Stories from Lebanon: Peering Over the Edge

During the month of June, Hilton Prize Coalition Storytelling Program Director, Steve Connors, is traveling through Lebanon and the surrounding region to connect with several Coalition member organizations and document their work with refugees to mitigate some of the devastation. In this first blog post of a new series, Steve sets the stage of the Coalition’s next collaborative Storytelling project, which will feature SOS Children’s Villages, the International Rehabilitation Council for Torture Victims (IRCT), HelpAge International and Handicap International.

Peering Over the Edge 
by Steve Connors

Amid the towering reconstruction of today’s Beirut stand the war-ravaged buildings of the Lebanese civil war. Once beautiful homes such as this one on Damascus Street – the front line during the fighting of 1975 to 88 – serve as an almost sculptural testimony of the price, the folly, and the pity of war.

Since the middle of the last century Lebanon has seen more than its fair share of violence, tragedy and misery. Bookended by mass influxes of people fleeing from regional conflicts have been years of devastating civil war followed by invasion and occupation by foreign powers. The 1990’s through to 2007 saw a brief period of stability, during which the country was able to invest in reconstruction, filling the skyline with modern apartment blocks and business towers. But as protest led to unrest and violence in 2011, neighbouring Syria descended into civil war, triggering a regional conflict for domination and turning the country into a cockpit of regional and geo-political tensions.

As tens or hundreds of thousands died, millions of Syrians fled into neighbouring countries seeking refuge from the escalating violence, desperate to secure an increasingly tenuous grip on their survival. At the time of writing, the United Nations estimates that one and a half million Syrian refugees live in tiny Lebanon. The Lebanese government claims there are more than two million, a figure lent credibility by the author’s visits to camps, in which some thirty percent of refugees remain unregistered with the UN. Confirmation of that number would mean an increase of fifty percent in the population of Lebanon.

In 2015 with the country’s infrastructure and patience stretched well beyond the government’s capacity to cope, and with international assistance cut to levels below those necessary to sustain life, the official border crossings from Syria were closed to refugees. But they still come, desperately crossing the dangerous – often mined – mountain paths to reach safety.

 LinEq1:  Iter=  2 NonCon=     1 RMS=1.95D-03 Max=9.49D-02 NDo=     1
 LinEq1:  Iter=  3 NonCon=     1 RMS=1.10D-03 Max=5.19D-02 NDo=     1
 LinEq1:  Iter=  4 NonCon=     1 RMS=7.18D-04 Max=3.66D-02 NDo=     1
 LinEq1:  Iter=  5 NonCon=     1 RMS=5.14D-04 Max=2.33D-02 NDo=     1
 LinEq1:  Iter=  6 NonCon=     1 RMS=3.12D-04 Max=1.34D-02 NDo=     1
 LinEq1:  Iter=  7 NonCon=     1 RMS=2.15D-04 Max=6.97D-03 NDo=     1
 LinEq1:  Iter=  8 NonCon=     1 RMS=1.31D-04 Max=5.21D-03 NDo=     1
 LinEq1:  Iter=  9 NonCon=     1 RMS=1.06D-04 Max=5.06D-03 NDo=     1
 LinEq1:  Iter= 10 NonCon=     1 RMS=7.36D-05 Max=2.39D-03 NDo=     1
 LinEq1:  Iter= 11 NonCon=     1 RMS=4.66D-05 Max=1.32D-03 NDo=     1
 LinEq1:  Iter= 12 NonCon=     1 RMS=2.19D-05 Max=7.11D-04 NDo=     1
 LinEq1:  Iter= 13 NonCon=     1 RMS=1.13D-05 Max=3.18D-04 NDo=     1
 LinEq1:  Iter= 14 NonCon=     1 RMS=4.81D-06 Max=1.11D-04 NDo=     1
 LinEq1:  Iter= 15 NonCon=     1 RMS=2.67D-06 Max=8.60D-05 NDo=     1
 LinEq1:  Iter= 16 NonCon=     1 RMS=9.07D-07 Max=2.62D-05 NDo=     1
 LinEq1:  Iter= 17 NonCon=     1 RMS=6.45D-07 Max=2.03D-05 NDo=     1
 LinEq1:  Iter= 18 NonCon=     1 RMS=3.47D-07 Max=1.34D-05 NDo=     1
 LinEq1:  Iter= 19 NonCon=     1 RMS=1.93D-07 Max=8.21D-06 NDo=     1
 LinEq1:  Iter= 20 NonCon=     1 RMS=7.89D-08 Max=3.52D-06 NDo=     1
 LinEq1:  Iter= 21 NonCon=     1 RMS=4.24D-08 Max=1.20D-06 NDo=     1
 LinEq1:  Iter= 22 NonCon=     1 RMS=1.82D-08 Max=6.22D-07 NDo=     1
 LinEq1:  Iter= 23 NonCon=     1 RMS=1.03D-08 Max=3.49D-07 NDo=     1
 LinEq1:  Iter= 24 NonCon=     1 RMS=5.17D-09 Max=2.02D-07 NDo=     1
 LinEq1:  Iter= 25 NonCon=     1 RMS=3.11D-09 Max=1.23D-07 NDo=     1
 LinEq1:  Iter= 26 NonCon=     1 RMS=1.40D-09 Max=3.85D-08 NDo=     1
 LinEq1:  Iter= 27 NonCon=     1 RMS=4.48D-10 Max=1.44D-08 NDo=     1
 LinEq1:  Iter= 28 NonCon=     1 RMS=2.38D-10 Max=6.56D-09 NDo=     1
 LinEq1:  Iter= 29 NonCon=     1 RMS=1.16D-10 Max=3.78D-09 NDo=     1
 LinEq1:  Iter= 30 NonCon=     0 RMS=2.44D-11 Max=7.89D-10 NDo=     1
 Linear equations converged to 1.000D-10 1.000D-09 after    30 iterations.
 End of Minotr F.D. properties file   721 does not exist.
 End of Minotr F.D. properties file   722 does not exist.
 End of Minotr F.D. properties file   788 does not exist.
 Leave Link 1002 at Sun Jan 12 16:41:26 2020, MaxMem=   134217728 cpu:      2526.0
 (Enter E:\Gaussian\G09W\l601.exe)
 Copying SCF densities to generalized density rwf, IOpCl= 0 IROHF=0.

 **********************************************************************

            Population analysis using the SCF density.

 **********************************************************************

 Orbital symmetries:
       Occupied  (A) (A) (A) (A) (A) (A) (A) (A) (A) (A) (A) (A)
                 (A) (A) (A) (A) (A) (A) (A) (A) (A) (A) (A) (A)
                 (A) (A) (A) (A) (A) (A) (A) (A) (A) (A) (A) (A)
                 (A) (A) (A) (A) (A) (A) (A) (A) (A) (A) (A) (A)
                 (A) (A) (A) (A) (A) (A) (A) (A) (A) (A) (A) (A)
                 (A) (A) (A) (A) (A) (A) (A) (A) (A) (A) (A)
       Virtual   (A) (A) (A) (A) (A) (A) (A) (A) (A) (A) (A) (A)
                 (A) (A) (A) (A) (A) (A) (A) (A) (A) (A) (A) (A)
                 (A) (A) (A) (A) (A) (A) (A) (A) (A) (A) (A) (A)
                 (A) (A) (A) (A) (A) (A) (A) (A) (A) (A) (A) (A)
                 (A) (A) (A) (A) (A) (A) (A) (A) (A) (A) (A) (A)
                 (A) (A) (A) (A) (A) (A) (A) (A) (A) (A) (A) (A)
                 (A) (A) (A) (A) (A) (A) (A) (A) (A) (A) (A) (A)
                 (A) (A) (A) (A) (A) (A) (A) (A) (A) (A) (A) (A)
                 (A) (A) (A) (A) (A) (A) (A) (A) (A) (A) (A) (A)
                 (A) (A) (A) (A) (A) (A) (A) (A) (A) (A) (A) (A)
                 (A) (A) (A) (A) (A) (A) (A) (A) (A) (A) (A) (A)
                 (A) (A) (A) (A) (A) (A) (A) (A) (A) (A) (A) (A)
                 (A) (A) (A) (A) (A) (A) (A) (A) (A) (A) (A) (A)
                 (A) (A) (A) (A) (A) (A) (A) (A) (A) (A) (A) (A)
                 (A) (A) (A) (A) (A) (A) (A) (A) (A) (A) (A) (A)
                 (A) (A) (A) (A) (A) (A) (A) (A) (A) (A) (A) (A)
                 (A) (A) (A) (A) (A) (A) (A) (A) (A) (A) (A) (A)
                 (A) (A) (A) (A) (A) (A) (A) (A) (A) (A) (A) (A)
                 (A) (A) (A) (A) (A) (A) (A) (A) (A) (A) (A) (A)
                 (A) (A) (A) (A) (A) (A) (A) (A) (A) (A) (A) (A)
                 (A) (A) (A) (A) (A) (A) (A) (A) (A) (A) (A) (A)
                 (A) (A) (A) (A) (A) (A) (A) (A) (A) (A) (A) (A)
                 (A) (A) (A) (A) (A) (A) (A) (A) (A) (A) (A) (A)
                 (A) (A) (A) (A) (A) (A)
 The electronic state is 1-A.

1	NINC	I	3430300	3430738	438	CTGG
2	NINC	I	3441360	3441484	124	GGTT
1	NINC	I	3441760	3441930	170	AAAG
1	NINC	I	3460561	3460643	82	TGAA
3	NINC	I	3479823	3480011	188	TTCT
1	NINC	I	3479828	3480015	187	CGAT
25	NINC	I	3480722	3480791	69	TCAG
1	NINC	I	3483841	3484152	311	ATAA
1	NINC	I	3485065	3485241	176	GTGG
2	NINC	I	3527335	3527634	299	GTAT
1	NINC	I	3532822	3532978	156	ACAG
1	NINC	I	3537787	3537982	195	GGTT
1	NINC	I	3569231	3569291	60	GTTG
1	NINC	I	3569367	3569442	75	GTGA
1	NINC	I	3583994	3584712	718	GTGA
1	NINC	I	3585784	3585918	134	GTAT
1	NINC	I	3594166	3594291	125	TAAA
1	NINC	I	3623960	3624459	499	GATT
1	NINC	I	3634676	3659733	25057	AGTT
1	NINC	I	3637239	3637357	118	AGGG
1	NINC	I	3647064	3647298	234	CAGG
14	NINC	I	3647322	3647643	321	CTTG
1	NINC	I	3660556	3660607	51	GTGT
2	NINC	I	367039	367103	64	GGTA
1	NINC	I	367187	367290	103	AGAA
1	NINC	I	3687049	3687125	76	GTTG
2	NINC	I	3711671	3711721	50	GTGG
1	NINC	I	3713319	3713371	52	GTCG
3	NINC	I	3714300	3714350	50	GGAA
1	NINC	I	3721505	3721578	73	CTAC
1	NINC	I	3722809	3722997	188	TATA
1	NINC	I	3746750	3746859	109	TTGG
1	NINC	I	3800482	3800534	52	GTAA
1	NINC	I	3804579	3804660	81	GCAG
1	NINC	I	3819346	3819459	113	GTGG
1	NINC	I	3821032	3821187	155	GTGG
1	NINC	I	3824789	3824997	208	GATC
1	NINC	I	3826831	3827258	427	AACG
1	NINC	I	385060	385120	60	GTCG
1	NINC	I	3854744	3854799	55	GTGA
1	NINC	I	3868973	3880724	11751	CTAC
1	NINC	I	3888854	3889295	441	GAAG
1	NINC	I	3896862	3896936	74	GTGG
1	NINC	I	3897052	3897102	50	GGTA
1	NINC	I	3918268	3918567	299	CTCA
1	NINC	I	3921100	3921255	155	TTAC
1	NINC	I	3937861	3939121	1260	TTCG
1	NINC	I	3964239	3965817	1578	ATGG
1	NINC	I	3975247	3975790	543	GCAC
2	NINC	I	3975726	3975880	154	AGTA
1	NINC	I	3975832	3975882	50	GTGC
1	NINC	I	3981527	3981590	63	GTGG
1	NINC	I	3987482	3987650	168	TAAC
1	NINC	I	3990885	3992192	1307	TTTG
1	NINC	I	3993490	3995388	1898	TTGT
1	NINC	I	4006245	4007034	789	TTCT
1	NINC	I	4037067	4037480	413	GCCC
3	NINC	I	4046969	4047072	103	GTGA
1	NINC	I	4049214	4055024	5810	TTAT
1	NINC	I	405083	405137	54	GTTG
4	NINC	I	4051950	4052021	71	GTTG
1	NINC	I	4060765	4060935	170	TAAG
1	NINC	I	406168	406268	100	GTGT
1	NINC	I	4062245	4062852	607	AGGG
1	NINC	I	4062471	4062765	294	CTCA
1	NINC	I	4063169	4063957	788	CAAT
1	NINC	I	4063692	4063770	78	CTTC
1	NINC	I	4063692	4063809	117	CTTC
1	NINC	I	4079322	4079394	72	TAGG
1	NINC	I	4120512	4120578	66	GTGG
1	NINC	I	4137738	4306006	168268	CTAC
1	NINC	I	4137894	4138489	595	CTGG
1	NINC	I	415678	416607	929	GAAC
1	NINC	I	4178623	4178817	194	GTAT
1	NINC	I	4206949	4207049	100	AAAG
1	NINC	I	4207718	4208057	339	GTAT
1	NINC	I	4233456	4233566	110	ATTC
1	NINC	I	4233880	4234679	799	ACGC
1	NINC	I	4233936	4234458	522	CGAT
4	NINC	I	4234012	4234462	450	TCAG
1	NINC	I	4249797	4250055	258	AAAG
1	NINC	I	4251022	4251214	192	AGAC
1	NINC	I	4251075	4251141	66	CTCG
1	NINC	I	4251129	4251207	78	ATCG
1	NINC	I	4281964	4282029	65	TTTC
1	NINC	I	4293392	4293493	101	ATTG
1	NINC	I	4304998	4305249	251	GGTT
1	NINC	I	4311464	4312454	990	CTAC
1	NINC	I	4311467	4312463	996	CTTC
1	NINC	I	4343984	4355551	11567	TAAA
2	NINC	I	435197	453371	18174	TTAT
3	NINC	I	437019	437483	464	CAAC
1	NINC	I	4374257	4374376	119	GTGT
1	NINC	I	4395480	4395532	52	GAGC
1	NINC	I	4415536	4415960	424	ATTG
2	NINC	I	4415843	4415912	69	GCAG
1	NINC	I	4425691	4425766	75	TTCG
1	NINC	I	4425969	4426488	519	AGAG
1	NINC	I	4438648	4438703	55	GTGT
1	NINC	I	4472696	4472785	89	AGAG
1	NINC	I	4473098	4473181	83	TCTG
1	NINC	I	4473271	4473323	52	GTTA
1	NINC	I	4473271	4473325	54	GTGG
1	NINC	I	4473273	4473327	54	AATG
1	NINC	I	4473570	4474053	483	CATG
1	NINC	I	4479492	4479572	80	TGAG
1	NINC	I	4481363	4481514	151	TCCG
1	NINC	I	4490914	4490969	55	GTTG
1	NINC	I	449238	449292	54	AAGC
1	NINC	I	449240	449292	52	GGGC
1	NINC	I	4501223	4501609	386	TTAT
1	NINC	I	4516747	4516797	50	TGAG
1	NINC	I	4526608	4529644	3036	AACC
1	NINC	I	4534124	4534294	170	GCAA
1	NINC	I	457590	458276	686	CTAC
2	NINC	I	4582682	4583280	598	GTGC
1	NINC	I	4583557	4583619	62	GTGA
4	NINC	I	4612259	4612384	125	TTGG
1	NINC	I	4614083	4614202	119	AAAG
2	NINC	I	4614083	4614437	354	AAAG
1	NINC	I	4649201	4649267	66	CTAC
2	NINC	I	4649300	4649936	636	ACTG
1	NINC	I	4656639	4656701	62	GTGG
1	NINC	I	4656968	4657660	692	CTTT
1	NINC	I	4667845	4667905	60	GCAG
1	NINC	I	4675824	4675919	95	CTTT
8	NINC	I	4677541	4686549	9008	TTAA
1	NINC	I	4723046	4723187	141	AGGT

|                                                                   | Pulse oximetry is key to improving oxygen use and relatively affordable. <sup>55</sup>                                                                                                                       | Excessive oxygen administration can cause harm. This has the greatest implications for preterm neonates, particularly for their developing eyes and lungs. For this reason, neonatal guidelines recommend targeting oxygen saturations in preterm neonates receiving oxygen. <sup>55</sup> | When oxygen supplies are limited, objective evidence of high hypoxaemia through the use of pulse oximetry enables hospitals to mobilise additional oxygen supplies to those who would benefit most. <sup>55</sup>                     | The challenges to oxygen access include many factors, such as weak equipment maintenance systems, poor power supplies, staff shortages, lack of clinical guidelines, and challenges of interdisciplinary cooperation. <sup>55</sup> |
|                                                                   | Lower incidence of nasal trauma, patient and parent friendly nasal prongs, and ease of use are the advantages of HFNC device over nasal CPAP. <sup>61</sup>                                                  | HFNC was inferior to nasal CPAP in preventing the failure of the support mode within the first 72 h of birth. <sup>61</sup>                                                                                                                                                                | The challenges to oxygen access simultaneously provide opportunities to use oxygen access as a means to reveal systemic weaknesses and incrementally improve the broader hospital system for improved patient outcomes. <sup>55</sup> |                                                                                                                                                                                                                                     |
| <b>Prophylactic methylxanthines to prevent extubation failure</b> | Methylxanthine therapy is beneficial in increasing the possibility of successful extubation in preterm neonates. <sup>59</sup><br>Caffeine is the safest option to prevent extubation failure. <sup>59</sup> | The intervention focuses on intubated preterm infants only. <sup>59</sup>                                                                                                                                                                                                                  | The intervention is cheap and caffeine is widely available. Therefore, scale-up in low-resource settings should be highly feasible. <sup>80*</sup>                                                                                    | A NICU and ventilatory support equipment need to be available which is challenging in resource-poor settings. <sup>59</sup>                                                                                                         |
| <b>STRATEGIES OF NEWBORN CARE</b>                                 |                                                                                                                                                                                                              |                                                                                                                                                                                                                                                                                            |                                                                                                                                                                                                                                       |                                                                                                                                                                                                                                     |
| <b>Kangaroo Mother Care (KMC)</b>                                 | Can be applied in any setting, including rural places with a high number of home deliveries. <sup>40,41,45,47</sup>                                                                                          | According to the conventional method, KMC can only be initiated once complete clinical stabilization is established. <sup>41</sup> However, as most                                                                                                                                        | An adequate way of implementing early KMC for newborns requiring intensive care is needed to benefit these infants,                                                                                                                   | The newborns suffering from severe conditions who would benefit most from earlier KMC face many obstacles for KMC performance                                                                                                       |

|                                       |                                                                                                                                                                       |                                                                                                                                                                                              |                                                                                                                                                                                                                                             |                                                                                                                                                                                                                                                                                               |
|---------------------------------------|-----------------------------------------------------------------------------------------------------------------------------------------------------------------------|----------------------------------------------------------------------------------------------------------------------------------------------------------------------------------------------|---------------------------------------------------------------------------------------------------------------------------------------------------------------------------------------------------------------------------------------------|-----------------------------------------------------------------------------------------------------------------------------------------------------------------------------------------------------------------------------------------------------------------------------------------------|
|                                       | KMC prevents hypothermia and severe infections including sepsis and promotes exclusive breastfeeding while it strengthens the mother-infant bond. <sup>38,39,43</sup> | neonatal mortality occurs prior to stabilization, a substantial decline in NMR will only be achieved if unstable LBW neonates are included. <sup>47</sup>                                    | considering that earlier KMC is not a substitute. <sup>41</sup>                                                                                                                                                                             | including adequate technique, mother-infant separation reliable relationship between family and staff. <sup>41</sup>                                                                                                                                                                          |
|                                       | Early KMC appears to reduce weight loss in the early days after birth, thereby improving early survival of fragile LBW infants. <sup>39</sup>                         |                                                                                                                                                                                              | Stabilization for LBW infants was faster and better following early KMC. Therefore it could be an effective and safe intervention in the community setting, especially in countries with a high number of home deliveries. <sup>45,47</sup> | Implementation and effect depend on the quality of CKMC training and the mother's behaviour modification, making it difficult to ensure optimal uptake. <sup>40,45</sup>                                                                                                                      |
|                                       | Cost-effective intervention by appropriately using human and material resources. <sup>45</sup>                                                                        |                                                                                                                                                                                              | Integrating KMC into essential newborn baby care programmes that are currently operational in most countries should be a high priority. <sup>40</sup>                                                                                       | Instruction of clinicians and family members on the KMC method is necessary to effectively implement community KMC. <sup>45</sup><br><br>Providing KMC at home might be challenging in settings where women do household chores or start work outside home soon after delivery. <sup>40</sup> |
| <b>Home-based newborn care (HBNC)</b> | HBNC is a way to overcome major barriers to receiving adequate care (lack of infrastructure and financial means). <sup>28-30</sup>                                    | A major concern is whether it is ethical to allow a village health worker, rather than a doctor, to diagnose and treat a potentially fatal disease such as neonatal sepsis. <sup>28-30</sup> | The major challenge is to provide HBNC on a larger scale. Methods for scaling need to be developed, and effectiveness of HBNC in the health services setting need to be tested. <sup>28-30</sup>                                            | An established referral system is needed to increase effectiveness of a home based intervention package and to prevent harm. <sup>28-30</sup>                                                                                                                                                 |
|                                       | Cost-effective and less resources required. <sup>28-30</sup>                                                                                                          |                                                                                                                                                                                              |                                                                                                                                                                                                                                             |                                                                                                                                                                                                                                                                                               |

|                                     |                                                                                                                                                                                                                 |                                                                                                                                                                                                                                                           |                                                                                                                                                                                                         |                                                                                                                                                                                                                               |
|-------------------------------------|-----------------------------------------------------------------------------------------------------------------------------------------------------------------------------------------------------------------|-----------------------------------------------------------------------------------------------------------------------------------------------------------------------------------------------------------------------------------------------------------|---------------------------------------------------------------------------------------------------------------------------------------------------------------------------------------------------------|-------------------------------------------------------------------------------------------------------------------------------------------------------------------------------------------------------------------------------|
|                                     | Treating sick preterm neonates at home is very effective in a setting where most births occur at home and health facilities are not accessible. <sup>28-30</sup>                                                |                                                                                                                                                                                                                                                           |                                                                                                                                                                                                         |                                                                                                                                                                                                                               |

Some of the people, if they have the resources, rent apartments in Beirut, Tripoli or other towns. Some settle in the already teeming Palestinian camps established after 1948 – the Badaawi camp in Tripoli is now stretched beyond capacity by an estimated 70,000 Syrians living in tiny rented rooms. This, in a one square kilometer area occupied by eighteen thousand Palestinians. But the overwhelming majority of refugees are eking out an existence in the Bekaa valley, at the foot of the mountains that form the frontier between Lebanon and Syria.

Syrian women from a nearby refugee camp in Lebanon’s Bekaa Valley planting seeds in a local farmer’s field.

Tens of thousands of families living in the squalid conditions of temporary shelter are scattered up and down the valley floor, the only services provided by UN agencies and NGOs with scant resources and funding.

With wholly inadequate daily allowances, many of the refugees there are forced to cope with food insecurity on top of the misery and indignity of their everyday lives. Unable to afford the cost of registration with the Lebanese authorities, most refugees are unable to pass through the many checkpoints on the roads leading out of the valley so cannot move around the country. In an effort to feed their families the only solution for them is to seek casual labour in the valley’s fields, where local landlords – some of whom have smuggled the refugees into the country in the first place, and put them to work as repayment of their debt – are only too eager to exploit the opportunity for cheap labour. The going rate for five hours of planting under a baking sun is four US dollars.

With the labour market flooded by desperate workers – the cheapest and most employable of whom are women and children – wages for Lebanese workers have plummeted, and tensions between local people and the refugees have risen to dangerous levels. Increasingly, whole camps are forced to move to other parts of the valley because of violence or the threat of violence as the war next door drags on, and the tolerance of the hosts wears progressively thin.

The Syrian war has no end in sight, and whomever one asks in Lebanon, whether they are Lebanese, Syrian or the foreign nationals working with the overstretched humanitarian organisations, the belief is that the refugee problem in the country is of such a chronic nature that it will severely test the peace that the country has only so recently been able to enjoy.

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